As our last post (Plantar Fasciitis, Back Pain, 1/25/2016) discussed, athletic shoes -- the kind almost everybody wears, no matter whose brand name is on them, to walk, shop, stand, work -- train the muscles of our feet to be weak. That's because the principal of athletic shoes, from the outset, was to facilitate a longer stride in running than is anatomically desirable, one that the body was not designed to take. The idea was that the heel would strike first, followed by the remainder of the foot, moving forward to the toes. The idea has not proved out well, as today's running shoes are beginning to show -- they're quite different in design from what they were when they originated in 1972, principally because manufacturers finally responded to the plethora of injuries in people who were wearing them.
They aren't working out well for walking, either, though if you look at the shoes on nearly every person, in every age group, in the U.S., you wouldn't know that. Silver-hairs (that's my age group) and toddlers are outfitted with the latest. There's a huge investment in our belief that what everybody's wearing is right, therefore we should be wearing them. It was a very successful sales campaign that took the world -- at least the good old USA -- by storm. "And, you're saying, my feet feel fine in these shoes, thank you very much, so what's your beef, McKeithan?"
And the answer is, they may feel fine now, but wear them for thirty or forty years and see how it is. When my generation was young, we wore Keds or the competition, which were flat-soled shoes with flat insoles. The soles were thin, had some cushioning, but not much. Our feet were protected from rocks, gravel, glass -- anything we might've stepped on -- but that was it. Our feet had to work -- move stretch, flex, contract. Same was true for ankles, unless one was wearing high-tops, but they were just canvas and didn't really offer much support. As kids, the more we played, the stronger our feet became. That's the way the body works: the more you work it, the more it strengthens. Even works for bones -- the docs've been telling us for years how much exercise prevents osteoporosis. Feet were protected, not coddled, so they grew strong and resilient. Ever hear of Shoeless Joe Jackson? Poster guy for strong feet.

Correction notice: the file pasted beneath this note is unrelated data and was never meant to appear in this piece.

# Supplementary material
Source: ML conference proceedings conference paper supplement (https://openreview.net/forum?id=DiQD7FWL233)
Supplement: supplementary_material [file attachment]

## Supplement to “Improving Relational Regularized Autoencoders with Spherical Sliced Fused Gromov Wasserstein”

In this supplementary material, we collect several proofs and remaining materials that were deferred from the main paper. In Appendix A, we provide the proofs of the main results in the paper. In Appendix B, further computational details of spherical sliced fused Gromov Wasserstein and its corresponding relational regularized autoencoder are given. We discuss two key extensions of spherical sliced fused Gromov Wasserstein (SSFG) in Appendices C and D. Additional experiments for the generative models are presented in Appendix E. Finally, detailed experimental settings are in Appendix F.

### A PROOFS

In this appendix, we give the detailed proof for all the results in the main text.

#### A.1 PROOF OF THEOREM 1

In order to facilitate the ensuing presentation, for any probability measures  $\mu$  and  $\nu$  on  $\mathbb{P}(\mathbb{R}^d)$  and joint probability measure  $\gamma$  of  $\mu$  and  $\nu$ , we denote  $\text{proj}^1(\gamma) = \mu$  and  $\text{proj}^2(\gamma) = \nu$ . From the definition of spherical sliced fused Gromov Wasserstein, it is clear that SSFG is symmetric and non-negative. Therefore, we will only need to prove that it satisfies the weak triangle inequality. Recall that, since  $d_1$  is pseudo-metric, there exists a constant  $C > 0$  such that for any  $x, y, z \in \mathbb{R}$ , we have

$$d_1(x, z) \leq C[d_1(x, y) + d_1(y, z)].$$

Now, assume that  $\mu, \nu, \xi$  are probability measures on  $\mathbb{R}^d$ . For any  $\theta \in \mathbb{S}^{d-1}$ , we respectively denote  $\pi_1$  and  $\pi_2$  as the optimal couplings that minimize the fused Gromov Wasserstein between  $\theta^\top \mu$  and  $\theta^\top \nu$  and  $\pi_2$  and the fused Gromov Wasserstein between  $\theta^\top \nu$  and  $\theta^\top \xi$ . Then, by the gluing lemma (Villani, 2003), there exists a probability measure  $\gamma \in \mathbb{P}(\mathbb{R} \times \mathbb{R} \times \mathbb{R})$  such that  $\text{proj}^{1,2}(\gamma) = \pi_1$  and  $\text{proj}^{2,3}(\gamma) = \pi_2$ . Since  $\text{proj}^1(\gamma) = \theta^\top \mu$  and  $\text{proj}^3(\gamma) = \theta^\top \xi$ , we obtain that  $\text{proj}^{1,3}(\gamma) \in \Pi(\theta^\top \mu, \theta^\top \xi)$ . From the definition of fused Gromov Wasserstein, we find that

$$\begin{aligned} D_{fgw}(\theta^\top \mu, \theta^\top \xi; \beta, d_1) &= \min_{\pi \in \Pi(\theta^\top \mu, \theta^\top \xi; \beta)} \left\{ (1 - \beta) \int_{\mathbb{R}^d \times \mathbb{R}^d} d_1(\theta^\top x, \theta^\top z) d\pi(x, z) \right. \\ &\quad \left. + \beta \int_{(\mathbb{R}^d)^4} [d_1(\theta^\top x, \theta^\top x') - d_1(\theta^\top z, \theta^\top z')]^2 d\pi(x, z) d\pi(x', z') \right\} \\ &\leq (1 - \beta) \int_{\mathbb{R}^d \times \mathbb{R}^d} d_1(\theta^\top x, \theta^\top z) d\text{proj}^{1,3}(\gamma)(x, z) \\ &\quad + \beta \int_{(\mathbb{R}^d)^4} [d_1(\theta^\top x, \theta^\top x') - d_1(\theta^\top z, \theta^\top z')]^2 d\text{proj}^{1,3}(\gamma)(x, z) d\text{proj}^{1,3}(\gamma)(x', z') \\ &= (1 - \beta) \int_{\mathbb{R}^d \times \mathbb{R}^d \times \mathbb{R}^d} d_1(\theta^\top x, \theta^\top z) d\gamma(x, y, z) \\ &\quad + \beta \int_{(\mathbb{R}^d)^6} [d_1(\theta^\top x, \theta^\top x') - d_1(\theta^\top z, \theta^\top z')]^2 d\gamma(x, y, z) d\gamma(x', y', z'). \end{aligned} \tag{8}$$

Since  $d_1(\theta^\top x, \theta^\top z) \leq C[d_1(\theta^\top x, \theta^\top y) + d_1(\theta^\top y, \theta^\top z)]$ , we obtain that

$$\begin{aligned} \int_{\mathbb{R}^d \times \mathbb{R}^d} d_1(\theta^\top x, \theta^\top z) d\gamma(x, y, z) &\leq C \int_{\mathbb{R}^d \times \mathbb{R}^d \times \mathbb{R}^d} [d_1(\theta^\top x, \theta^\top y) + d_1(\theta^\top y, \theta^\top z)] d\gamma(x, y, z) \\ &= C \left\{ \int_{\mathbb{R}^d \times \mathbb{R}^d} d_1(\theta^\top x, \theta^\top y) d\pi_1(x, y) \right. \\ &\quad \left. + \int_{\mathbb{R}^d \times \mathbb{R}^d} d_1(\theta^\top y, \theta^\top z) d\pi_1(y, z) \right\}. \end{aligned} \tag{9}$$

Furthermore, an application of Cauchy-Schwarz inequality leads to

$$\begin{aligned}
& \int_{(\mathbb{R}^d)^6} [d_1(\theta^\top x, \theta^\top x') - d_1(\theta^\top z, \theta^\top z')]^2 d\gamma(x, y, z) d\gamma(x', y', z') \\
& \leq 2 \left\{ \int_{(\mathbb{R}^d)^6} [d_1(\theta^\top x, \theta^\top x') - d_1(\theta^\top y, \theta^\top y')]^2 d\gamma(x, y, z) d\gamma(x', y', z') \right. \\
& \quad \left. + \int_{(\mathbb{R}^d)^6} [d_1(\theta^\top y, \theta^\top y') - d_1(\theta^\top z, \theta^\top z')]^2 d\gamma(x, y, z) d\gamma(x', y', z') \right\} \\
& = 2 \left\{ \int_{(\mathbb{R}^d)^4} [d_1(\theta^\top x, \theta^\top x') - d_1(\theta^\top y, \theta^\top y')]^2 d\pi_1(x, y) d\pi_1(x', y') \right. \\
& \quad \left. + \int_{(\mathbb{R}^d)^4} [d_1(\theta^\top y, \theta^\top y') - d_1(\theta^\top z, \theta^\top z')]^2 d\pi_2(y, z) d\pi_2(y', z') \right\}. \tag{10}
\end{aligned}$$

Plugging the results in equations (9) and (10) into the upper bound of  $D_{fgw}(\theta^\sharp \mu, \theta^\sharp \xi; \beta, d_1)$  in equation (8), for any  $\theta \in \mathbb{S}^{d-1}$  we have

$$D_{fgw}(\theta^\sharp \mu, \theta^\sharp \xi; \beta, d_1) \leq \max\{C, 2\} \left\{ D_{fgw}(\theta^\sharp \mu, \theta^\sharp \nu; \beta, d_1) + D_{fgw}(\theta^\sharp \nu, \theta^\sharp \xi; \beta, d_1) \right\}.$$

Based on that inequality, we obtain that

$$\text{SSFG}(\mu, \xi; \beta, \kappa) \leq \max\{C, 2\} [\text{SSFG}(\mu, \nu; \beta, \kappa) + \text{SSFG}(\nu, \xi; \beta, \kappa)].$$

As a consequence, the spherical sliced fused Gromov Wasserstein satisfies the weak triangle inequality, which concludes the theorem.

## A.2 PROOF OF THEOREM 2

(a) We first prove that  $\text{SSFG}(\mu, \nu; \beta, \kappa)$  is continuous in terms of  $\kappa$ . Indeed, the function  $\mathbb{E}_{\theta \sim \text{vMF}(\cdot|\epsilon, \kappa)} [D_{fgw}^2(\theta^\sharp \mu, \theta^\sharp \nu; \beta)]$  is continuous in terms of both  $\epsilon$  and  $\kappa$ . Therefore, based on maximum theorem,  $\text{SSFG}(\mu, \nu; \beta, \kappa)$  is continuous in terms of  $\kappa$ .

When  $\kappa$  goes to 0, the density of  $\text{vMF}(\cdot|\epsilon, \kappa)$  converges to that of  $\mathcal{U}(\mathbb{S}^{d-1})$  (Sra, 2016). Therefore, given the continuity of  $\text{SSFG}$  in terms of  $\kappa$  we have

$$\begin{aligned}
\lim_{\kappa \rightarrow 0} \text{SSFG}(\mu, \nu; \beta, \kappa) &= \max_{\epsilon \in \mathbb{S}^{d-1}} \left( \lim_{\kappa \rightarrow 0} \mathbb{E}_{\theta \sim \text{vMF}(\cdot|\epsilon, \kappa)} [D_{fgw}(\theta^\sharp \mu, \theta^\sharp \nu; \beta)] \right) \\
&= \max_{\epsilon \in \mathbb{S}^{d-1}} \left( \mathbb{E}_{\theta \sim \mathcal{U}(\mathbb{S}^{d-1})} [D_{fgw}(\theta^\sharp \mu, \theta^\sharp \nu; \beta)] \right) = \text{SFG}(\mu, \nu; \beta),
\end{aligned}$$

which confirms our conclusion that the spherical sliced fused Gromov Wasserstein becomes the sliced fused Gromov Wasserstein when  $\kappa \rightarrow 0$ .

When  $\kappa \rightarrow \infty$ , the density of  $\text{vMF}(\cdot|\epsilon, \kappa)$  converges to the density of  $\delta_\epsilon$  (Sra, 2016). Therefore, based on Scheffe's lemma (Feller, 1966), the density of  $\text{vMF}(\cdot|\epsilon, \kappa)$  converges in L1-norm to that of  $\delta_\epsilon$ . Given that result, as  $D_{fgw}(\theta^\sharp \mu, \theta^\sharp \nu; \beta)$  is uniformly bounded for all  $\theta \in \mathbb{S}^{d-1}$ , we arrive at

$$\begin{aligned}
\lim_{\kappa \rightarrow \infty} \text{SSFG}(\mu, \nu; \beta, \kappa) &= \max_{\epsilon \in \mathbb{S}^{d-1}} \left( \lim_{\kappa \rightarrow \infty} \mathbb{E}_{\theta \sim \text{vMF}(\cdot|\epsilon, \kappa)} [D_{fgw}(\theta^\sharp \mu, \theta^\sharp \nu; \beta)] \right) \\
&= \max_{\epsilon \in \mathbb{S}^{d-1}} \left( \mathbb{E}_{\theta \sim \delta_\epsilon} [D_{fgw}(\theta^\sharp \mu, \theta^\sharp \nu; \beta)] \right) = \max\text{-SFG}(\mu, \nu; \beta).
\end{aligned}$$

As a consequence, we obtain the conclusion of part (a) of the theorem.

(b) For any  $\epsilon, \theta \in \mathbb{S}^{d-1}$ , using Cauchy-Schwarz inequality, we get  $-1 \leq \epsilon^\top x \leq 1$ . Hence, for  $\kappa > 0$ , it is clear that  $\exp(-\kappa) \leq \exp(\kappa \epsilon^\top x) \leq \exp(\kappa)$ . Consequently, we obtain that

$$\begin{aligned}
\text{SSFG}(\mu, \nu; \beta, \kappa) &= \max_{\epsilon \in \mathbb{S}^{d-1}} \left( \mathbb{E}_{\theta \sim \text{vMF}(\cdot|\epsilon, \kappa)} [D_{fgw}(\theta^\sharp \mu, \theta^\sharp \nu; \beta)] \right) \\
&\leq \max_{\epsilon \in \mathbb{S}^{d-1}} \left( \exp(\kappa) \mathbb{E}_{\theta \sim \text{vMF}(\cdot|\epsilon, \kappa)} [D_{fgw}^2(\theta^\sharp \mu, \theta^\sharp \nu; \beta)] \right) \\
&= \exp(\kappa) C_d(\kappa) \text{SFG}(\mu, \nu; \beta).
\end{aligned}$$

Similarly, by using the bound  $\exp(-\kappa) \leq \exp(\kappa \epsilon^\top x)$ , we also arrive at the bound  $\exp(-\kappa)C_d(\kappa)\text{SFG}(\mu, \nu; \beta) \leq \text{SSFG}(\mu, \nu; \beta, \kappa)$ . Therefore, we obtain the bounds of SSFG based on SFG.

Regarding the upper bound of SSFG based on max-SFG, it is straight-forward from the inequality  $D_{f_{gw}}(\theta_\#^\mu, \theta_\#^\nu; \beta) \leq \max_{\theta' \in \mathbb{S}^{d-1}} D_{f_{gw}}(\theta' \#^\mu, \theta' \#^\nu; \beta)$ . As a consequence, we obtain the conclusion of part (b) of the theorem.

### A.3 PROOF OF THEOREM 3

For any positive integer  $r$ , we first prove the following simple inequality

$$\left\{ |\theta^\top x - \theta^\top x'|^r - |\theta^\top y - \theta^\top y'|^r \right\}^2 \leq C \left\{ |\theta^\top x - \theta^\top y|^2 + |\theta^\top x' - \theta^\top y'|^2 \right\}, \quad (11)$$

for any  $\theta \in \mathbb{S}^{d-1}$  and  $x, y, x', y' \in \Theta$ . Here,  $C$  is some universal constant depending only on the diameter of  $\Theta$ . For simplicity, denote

Yeah, there were occasional foot, ankle and knee problems, but at nothing like the frequency they occur now, or so we are told. Even those of us who were wearing those old-style Keds have gone over to the Nikes and the Reboks etc. What that means is that the once-strong feet of the '40s and '50s generations are now being coddled, over-cushioned (with built-in springs, yet), so are weakening as the muscles lose their range and resiliency. And that's for feet that were once strong. What's going to happen with those that started out in the new style, never building the strength of which they are capable, and for which they were designed?
We've already been seeing some, clients who are active, vigorous people, thrown for a loss, compromising their careers because -- "out of the blue," this debilitating foot pain arrived to make life miserable.
More on this subject, next post.
McKeithan Pain Treatment Center